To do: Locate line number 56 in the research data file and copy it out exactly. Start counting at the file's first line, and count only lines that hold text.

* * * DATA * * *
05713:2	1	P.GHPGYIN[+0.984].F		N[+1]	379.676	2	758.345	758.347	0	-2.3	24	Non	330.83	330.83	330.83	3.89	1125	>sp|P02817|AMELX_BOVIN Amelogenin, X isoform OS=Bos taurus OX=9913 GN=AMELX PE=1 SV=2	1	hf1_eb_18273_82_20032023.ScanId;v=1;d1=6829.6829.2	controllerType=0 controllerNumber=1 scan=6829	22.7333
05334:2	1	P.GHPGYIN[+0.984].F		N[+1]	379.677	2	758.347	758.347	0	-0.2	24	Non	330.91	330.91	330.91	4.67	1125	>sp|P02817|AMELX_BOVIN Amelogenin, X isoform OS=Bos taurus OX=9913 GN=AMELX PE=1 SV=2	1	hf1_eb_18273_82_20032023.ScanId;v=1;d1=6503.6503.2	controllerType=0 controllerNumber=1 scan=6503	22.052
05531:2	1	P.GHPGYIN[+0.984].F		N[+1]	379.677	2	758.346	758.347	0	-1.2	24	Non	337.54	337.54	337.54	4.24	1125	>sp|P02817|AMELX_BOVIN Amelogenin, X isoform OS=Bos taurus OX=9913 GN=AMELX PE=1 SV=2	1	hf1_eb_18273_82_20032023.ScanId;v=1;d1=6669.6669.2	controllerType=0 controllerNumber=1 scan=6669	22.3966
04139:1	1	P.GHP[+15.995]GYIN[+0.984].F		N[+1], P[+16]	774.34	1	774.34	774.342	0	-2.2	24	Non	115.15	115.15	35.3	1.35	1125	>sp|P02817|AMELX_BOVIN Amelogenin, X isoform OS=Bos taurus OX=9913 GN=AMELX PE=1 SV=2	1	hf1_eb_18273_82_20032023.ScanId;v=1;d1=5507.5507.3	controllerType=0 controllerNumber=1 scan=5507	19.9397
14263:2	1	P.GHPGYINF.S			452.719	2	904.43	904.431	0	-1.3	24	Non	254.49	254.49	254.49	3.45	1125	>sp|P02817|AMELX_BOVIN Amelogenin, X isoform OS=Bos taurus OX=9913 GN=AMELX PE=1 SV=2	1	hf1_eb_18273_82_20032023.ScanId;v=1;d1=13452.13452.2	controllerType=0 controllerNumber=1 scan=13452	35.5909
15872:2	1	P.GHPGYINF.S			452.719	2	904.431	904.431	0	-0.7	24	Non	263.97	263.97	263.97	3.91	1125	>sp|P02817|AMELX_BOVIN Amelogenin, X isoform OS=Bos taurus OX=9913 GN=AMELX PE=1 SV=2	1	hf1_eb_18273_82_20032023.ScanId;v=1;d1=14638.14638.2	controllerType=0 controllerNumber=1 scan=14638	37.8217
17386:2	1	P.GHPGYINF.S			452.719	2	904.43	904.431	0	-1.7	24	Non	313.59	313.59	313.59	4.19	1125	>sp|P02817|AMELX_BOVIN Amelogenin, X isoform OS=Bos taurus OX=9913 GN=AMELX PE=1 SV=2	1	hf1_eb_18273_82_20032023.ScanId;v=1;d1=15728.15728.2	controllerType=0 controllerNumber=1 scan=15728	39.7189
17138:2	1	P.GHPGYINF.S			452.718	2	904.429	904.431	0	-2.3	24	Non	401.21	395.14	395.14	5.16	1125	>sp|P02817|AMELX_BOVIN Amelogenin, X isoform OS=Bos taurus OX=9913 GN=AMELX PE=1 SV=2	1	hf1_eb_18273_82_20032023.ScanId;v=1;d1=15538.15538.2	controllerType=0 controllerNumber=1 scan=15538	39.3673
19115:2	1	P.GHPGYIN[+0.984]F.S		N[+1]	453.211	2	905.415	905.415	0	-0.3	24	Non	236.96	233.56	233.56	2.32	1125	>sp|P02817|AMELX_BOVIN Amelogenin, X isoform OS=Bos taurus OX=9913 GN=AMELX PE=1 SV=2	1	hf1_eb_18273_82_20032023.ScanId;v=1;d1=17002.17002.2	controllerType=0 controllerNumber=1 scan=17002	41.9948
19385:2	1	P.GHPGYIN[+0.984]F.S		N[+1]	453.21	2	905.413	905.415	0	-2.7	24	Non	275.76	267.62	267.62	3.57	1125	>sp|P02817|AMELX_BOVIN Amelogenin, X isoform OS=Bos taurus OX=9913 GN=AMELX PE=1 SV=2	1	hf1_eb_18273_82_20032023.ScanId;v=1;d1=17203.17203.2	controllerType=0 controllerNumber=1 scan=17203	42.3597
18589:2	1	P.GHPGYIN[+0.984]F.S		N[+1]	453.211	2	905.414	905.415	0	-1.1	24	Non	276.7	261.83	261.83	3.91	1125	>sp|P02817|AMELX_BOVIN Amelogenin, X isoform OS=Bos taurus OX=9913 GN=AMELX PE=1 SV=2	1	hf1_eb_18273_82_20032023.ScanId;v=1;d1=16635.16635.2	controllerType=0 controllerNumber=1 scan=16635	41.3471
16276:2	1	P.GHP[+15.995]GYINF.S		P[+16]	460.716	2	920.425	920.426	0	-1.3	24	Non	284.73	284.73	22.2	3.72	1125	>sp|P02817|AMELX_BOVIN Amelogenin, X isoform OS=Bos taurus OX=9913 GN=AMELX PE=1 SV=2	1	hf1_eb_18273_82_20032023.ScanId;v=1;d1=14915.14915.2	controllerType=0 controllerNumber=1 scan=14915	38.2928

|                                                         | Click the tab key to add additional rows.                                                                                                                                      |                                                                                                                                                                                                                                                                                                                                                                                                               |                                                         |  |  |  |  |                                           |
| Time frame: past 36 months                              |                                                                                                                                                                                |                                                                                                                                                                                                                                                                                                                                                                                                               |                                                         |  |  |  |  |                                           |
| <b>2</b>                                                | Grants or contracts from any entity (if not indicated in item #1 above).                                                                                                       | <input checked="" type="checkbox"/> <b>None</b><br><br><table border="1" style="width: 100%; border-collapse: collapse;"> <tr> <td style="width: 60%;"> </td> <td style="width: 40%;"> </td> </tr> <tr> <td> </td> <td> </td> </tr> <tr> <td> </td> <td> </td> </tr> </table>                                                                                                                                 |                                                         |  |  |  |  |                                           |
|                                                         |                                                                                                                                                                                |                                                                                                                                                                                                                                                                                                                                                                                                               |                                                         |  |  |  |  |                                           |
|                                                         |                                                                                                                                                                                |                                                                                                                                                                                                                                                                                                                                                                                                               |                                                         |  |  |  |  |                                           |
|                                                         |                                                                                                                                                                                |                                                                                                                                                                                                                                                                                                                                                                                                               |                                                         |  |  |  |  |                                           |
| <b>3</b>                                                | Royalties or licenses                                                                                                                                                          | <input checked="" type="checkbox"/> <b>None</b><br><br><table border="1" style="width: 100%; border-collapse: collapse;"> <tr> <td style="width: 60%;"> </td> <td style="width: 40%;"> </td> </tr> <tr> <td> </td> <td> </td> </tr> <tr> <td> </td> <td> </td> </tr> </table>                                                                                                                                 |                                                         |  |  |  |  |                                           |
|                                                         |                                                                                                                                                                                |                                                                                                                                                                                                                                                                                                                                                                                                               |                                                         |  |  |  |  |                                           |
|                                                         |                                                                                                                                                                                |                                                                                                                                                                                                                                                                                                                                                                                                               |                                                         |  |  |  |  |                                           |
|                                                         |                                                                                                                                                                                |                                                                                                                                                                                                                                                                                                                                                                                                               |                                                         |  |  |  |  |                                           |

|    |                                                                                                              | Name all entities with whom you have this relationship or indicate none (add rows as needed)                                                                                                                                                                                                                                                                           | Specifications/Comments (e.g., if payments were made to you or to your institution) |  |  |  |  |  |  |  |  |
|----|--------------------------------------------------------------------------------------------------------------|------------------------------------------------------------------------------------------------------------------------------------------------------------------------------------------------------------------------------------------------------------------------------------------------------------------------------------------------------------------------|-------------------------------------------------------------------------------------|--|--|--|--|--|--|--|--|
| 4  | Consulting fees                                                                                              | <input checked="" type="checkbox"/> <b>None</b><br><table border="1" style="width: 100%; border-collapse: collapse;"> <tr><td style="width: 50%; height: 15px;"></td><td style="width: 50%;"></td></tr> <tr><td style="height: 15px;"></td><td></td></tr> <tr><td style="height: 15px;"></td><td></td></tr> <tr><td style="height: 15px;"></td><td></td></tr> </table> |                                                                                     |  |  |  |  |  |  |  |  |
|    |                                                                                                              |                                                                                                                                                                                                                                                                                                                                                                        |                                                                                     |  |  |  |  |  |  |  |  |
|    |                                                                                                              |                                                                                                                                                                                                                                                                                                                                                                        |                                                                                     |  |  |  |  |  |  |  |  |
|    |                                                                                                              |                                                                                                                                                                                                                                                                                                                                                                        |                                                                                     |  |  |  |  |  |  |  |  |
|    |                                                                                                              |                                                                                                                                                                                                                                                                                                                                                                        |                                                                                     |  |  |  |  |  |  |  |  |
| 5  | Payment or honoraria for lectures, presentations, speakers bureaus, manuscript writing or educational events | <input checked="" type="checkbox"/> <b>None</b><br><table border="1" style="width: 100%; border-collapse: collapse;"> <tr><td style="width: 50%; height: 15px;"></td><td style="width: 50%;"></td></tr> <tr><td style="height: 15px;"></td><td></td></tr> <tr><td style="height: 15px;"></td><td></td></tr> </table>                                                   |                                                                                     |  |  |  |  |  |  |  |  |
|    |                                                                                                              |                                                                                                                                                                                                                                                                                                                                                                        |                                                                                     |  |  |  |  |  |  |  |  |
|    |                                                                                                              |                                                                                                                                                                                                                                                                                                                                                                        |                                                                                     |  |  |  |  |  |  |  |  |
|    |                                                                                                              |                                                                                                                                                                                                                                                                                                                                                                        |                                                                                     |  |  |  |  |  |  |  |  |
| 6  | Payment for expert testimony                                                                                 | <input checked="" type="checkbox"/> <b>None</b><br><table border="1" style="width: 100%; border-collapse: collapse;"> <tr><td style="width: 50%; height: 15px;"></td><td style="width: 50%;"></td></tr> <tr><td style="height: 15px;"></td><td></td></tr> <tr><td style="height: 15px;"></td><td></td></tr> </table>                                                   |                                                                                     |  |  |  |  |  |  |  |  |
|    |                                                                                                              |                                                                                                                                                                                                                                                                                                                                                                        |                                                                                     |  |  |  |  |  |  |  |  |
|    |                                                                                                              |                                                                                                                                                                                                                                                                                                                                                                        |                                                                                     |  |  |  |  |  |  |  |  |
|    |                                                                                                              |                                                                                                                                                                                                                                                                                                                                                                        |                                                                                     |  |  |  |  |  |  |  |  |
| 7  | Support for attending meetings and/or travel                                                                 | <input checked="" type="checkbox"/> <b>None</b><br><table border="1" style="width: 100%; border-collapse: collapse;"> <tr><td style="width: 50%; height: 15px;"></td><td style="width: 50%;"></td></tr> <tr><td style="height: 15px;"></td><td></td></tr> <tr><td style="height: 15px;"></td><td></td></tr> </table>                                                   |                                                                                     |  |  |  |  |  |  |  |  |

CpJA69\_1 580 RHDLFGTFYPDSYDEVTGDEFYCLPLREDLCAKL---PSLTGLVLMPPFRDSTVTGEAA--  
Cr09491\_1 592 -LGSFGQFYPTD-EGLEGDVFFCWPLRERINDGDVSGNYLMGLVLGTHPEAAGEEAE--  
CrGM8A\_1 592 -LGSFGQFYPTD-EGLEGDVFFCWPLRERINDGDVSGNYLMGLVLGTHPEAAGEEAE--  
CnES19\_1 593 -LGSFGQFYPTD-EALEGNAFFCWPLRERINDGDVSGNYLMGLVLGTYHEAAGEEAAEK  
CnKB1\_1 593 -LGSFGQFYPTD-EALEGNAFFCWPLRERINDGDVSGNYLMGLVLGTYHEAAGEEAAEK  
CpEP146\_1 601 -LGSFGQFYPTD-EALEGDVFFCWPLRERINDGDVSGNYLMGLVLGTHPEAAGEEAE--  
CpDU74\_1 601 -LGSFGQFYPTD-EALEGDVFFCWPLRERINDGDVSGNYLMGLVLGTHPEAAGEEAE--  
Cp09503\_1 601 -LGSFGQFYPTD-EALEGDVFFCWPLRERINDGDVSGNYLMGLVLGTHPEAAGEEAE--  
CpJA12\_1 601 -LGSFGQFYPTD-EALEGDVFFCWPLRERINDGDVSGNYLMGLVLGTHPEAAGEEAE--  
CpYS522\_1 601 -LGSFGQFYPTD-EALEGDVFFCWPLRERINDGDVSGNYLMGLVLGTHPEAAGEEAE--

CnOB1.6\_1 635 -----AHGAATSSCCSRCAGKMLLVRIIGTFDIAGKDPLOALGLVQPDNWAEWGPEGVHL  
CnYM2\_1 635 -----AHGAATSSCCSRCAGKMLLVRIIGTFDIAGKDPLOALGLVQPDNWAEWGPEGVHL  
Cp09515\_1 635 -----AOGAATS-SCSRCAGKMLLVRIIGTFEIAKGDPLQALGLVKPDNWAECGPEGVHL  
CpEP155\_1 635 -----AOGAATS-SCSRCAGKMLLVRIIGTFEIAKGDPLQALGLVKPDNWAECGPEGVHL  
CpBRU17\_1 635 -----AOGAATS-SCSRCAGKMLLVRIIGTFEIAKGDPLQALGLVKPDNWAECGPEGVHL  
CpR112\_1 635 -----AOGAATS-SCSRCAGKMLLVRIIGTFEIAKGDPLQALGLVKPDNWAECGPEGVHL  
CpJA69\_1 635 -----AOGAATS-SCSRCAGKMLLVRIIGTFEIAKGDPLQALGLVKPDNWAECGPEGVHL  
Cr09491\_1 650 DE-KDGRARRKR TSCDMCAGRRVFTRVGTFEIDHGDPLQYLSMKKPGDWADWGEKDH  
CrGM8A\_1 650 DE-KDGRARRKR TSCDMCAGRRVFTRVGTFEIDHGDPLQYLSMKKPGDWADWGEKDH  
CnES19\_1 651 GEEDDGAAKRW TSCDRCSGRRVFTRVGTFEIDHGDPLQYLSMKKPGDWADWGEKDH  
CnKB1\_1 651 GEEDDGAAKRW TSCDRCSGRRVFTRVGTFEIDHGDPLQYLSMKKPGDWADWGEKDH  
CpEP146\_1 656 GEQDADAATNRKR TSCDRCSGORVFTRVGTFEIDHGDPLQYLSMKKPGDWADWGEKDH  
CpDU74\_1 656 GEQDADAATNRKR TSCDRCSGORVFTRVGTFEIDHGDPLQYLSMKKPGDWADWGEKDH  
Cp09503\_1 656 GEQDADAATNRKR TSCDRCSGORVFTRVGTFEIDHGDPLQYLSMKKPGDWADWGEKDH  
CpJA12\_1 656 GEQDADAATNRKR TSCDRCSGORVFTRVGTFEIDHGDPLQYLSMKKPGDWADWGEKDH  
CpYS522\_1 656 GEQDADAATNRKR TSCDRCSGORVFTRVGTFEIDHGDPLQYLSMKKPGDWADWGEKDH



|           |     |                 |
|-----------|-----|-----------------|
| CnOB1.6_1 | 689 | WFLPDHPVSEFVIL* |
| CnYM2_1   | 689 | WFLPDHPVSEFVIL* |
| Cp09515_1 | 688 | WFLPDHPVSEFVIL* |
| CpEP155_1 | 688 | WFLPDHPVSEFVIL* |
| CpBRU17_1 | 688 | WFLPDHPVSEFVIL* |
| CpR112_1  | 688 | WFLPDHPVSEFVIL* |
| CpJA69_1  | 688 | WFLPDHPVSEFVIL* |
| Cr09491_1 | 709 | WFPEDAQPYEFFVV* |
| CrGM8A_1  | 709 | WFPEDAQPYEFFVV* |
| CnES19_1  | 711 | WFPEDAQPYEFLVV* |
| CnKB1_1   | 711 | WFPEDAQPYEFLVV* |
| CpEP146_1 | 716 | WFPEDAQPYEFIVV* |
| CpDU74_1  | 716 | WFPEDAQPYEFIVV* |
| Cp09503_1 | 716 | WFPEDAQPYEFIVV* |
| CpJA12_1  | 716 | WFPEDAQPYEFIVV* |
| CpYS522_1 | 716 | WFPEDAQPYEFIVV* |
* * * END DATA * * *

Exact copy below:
Cr09491\_1 650 DE-KDGRARRKR TSCDMCAGRRVFTRVGTFEIDHGDPLQYLSMKKPGDWADWGEKDH  